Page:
U.S. and England recognize only Guaidó as having “the right” to use Venezuela’s state funds that they have frozen. The assumption is that he will one day become president, by hook or crook, probably through a U.S.-backed military coup.
Guaidó has called for U.S. military intervention, and there have been a handful of clumsy coup attempts. Recent polls of Venezuelans living in the country showed only 4.1% consider him capable of ruling their nation.
Truth and Reconciliation Commission
The mass media and rightest politicians think they can get their candidate, Keiko Fujimori, elected by smearing Castillo as a supporter of Sendero Luminoso (Shining Path).
The Truth and Reconciliation Commission (CVR) was established by interim president Valentin Paniagua, in November 2000, following Fujimori’s abdication. The dozen investigators are part of the Establishment. They investigated actions by the Shining Path, Túpac Amaru Revolutionary Movement (MRTA), and the military-police.
At its peak, Shining Path had 10,000 insurgents and dominated nearly half the country. It killed many government police and military but also many peasants not aligned with it.
MRTA’s most ambitious and proclaimed action, and the major cause of its eventual demise, was taking over the Japanese embassy residency. During a party celebrating Japan’s emperor’s birthday on December 17, 1996, 14 members of the guerilla group, led by co-leader Victor Polay Campos, captured 800 dignitaries (politicians, diplomats, military officers and rich businessmen).
During negotiations, the rebels released all women, and most of the men, keeping only 72 hostages. MRTA sought the release of 450 imprisoned members of their organization.
U.S. military in the area assisted the Peruvian army with various rescue plans. Finally, on April 22, 1997, a 140-man Peruvian army commando team raided the residency. The rebels did not wish to kill hostages. The only casualties were themselves, one hostage and two soldiers. All 14 rebels were killed on Fujimori’s orders, half of them executed.
On August 28, 2003, the Truth and Reconciliation Commission “reported on the estimated 70 000 deaths, assassinations, torture, disappearances, displacement, employment of terrorist methods and other human rights violations executed by the State, Shining Path, and MRTA. The report concluded that there is both “institutional and individual accountability, as well as identifying racial and cultural factors that became a catalyst for conflict.” The CVR investigation was financed by some of $360 million discovered in foreign accounts, which had been stolen by Fujimori officials.
A 2019 study disputed CVR casualty figures, reporting instead “a total of 48,000 killings, substantially lower”, and concluded that “the Peruvian State accounts for a significantly larger share than the Shining Path,” more than the 28% attributed to the military and police reported by CVR.
Although Fujimori won the July 2000 runoff with a bare majority, irregularities led most of the world’s governments to shun his third swearing-in on 28 July. Daily demonstrations took place in front of the presidential palace for many weeks. As a conciliatory gesture, Fujimori appointed former opposition candidate Federico Salas prime minister. Opposition parties in Congress refused to support this move, and former President Toledo led the campaign to have the election annulled.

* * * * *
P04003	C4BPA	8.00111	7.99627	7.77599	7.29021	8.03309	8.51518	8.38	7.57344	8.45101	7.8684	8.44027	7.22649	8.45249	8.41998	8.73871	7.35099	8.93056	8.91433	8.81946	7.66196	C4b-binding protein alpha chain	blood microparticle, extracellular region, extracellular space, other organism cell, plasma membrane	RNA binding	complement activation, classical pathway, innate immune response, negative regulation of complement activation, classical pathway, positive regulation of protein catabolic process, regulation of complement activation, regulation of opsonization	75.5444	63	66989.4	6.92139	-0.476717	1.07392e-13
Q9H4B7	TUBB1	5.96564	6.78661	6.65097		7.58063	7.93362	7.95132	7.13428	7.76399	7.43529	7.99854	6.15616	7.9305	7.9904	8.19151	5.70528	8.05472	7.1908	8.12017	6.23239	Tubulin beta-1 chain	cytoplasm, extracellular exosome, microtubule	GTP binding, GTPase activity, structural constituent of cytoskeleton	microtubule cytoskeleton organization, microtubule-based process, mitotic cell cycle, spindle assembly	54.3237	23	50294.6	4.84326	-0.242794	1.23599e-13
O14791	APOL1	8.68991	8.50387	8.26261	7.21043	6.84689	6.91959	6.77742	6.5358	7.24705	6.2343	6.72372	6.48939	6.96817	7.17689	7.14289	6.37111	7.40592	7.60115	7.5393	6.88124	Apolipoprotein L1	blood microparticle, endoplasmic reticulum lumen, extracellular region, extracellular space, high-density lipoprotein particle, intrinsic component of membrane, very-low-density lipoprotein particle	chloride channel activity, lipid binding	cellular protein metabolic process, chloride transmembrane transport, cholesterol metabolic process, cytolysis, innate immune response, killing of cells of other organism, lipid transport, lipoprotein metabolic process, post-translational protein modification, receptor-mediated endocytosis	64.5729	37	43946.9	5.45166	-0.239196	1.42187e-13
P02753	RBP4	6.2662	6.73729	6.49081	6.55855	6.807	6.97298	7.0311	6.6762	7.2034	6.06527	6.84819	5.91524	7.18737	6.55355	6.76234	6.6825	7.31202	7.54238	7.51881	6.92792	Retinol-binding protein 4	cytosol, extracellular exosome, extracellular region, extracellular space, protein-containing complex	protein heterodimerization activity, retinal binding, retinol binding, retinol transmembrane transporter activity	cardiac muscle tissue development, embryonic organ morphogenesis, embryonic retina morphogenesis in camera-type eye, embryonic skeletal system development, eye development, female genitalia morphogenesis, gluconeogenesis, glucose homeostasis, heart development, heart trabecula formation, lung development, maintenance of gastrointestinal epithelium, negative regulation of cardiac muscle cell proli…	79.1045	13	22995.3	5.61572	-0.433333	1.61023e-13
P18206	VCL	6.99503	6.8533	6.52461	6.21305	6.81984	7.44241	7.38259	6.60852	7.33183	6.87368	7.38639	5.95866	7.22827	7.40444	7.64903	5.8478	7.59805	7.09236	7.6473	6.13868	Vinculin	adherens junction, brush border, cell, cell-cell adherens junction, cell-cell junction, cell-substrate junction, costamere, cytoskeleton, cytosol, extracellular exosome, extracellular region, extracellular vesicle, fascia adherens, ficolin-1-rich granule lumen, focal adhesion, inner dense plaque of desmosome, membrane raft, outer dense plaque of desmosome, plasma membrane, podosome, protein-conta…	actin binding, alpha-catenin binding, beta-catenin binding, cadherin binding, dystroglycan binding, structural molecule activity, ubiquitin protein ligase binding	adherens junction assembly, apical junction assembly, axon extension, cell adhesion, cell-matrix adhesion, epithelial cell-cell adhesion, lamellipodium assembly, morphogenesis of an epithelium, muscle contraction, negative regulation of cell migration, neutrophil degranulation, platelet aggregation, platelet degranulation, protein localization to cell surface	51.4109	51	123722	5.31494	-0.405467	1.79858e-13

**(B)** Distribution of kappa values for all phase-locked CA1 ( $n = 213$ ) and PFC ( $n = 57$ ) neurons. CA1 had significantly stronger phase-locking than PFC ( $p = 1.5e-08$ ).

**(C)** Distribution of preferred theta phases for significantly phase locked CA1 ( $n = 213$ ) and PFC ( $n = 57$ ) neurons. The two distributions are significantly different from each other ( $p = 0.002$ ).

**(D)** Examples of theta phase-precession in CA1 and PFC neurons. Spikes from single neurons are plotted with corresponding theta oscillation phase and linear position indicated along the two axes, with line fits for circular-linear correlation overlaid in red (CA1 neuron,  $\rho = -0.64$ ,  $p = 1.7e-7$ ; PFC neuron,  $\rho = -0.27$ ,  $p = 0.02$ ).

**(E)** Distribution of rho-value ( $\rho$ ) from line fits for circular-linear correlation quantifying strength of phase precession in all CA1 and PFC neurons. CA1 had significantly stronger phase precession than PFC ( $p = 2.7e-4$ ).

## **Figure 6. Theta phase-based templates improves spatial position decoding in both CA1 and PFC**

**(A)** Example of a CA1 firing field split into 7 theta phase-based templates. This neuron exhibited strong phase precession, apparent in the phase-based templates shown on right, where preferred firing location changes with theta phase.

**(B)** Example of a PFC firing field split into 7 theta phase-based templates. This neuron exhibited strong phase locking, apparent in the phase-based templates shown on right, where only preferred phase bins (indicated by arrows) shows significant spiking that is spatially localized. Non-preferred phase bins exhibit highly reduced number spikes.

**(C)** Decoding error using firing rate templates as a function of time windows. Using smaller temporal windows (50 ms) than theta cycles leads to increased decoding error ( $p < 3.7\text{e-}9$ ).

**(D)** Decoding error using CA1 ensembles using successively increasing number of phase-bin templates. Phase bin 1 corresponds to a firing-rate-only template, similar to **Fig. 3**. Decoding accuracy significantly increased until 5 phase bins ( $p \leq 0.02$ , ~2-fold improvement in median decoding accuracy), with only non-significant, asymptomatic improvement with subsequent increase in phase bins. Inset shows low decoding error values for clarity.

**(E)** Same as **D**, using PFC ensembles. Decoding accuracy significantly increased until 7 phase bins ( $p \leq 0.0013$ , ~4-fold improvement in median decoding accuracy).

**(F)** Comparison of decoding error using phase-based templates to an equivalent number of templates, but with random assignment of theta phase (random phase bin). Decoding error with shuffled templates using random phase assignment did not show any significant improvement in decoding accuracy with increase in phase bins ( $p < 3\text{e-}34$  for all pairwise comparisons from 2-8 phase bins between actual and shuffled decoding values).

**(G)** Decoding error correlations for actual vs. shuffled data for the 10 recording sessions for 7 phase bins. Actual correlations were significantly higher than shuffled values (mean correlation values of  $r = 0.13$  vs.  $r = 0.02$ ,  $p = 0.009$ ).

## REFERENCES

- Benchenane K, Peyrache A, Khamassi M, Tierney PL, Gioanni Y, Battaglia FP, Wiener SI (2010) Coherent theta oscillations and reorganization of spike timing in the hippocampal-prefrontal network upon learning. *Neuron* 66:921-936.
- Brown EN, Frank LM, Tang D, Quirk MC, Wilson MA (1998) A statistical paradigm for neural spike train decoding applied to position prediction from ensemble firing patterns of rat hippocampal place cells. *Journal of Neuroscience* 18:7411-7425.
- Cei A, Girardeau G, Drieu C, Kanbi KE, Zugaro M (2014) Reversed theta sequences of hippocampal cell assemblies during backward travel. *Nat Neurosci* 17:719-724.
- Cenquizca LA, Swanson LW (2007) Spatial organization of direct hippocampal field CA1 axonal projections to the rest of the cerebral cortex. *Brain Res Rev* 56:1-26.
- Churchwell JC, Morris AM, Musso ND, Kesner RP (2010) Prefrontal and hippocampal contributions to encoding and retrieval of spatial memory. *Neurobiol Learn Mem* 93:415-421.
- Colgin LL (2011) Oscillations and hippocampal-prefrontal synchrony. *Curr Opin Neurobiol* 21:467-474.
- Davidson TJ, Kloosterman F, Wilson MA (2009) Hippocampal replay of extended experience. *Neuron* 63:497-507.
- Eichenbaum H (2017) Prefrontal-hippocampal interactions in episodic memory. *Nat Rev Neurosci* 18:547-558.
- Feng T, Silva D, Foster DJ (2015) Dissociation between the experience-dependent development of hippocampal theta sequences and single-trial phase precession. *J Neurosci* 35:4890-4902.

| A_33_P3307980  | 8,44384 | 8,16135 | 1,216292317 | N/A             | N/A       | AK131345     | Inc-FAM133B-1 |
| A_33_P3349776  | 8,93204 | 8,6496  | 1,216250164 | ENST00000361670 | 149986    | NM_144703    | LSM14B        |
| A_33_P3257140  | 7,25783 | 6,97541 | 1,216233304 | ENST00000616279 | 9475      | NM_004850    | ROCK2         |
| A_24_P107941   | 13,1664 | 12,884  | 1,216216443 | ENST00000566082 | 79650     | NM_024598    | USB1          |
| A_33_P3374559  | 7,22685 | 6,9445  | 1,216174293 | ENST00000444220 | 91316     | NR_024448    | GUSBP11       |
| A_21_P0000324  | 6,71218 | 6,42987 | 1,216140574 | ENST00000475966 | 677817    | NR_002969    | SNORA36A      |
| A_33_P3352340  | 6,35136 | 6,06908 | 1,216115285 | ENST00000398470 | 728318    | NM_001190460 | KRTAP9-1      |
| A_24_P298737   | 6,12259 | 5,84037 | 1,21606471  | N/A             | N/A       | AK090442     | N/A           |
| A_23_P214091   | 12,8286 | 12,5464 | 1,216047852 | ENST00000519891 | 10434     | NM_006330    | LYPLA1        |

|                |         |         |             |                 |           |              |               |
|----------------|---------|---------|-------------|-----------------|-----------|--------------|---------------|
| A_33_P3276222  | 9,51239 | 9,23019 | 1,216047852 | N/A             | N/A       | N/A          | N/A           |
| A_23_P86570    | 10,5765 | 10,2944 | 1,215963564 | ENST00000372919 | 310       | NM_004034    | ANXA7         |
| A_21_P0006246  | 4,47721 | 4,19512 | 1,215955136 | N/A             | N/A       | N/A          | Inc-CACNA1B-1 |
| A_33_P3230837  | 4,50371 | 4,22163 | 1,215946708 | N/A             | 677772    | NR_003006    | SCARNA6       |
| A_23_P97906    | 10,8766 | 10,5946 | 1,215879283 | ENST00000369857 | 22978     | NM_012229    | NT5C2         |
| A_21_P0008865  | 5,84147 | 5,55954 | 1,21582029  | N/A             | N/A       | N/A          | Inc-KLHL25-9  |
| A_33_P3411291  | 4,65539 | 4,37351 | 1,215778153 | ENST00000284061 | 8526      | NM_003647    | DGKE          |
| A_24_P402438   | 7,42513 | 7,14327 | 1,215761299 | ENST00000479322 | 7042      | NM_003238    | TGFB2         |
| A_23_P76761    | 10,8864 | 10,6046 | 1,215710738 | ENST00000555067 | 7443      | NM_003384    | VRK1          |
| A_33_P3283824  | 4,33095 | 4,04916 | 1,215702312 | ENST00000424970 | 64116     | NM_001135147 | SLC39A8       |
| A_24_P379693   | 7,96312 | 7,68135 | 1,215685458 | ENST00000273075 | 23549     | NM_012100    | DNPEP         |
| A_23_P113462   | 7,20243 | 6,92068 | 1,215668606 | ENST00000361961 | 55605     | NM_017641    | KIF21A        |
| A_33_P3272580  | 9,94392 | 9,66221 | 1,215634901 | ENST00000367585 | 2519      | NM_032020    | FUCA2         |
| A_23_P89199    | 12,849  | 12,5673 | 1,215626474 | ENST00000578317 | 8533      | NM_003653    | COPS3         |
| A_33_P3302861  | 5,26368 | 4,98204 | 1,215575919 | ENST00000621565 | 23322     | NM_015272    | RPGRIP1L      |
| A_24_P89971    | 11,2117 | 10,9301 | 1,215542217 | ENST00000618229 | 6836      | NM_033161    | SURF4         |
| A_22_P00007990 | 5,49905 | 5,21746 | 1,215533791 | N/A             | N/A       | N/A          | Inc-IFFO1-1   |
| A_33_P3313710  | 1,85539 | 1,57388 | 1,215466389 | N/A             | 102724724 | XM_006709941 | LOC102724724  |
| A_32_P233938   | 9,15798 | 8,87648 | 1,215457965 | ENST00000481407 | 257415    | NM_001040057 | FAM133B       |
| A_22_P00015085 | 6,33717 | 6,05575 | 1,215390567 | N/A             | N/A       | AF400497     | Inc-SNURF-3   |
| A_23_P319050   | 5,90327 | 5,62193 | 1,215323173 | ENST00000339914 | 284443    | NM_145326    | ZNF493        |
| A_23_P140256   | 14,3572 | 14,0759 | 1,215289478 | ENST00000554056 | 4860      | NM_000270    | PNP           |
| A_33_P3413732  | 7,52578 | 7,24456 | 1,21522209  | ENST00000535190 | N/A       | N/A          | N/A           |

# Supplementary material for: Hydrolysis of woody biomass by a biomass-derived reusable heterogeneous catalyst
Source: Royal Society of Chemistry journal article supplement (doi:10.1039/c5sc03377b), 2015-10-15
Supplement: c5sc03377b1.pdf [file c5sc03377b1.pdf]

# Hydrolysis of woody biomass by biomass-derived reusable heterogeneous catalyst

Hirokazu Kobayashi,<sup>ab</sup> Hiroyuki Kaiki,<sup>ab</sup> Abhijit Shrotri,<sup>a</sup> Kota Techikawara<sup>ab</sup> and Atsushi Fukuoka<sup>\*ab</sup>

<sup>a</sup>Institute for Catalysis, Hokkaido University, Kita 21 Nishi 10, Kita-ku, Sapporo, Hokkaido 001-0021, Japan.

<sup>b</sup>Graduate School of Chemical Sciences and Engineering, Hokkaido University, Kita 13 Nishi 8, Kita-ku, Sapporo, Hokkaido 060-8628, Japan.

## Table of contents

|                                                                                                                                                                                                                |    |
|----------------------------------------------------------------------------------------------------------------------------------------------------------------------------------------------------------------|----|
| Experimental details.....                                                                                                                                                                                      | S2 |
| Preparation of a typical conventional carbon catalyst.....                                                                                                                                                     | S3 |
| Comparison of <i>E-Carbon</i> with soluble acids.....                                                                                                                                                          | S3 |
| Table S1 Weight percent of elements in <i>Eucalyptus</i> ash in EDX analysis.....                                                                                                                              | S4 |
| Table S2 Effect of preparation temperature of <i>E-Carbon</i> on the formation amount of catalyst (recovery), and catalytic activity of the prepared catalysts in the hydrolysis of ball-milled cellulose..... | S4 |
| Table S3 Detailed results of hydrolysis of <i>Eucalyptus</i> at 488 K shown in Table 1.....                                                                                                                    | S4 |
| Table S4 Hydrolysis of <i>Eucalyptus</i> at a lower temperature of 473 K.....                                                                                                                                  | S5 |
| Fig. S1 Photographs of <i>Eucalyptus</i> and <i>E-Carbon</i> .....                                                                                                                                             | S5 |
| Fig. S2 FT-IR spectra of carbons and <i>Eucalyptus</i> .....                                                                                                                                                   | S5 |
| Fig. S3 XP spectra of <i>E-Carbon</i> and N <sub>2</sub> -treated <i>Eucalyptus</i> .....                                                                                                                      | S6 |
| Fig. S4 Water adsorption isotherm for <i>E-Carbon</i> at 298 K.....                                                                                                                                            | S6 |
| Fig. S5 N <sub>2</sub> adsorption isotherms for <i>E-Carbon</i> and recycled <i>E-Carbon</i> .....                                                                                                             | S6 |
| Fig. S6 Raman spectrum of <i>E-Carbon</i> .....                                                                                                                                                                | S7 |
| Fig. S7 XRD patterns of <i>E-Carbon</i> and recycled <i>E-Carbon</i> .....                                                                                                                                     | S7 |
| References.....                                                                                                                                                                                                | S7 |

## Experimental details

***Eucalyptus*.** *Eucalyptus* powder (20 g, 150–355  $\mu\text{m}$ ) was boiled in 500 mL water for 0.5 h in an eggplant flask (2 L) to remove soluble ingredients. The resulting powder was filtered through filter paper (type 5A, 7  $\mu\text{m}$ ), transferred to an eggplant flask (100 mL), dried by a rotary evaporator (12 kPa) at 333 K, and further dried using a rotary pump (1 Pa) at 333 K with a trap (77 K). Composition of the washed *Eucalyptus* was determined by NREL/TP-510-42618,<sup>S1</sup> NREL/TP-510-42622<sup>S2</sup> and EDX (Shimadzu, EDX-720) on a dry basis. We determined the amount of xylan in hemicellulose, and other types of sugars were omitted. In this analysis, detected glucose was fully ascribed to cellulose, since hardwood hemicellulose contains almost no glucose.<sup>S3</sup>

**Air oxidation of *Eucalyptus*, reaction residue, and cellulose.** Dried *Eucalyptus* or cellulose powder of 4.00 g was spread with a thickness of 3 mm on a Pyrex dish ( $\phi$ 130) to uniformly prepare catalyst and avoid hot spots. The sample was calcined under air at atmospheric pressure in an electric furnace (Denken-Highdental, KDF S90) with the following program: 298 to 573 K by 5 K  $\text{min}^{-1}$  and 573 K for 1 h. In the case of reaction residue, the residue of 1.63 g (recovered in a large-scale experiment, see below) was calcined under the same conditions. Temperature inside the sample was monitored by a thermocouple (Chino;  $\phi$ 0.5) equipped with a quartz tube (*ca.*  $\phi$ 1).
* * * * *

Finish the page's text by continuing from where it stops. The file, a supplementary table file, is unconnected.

On 13 November, Fujimori left Peru for a visit to Brunei to attend the Asia-Pacific Economic Cooperation forum. On 16 November, Valentín Paniagua took over as president after the pro-Fujimori leadership lost a vote of confidence. On 17 November, Fujimori traveled from Brunei to Tokyo where he submitted his presidential resignation via fax. Congress refused to accept his resignation, instead voted 62–9 to remove Fujimori from office on the grounds that he was “permanently morally disabled.” Japan granted him exile status and citizenship. Where and when Fujimori was born is still a contested issue—either in Japan or Peru.
Wanted in Peru on charges of corruption and human rights abuses, Fujimori maintained a self-imposed exile until his arrest while visiting Chile in November 2005. Fujimori believed conditions in Peru were favorable for him to run for the presidency. Chilean authorities arrested Fujimori, however, when Peru requested his extradition, which happened on September 22, 2007.
In December 2007, Fujimori was convicted of ordering an illegal search and seizure and was sentenced to six years imprisonment. In April 2009, he was convicted of human rights violations and sentenced to 25 years imprisonment for his role in killings and kidnappings by the Grupo Colina death squad. This was the first time that an elected head of state had been extradited to his home country, tried, and convicted of human rights violations.
He faced a third trial in July 2009 over allegations that he illegally gave $15 million in state funds to Vladimiro Montesinos, which the disreputable former president admitted. Fujimori admitted guilt in another corruption trial in September. He received another six-year sentence, however under Peruvian law all prison sentences run concurrently.
Role of the United States
A United States Establishment organization, Council on Foreign Relations, 2009 background piece on Shining Path shows that “Washington pursued a policy of lending money and giving military aid to Peru to help the country’s government wage war against Shining Path. This policy continued even after President Alan Garcia’s administration defaulted on some of its loans, despite a longstanding U.S. policy making a country ineligible for aid if it failed to repay military assistance debt for more than a year.”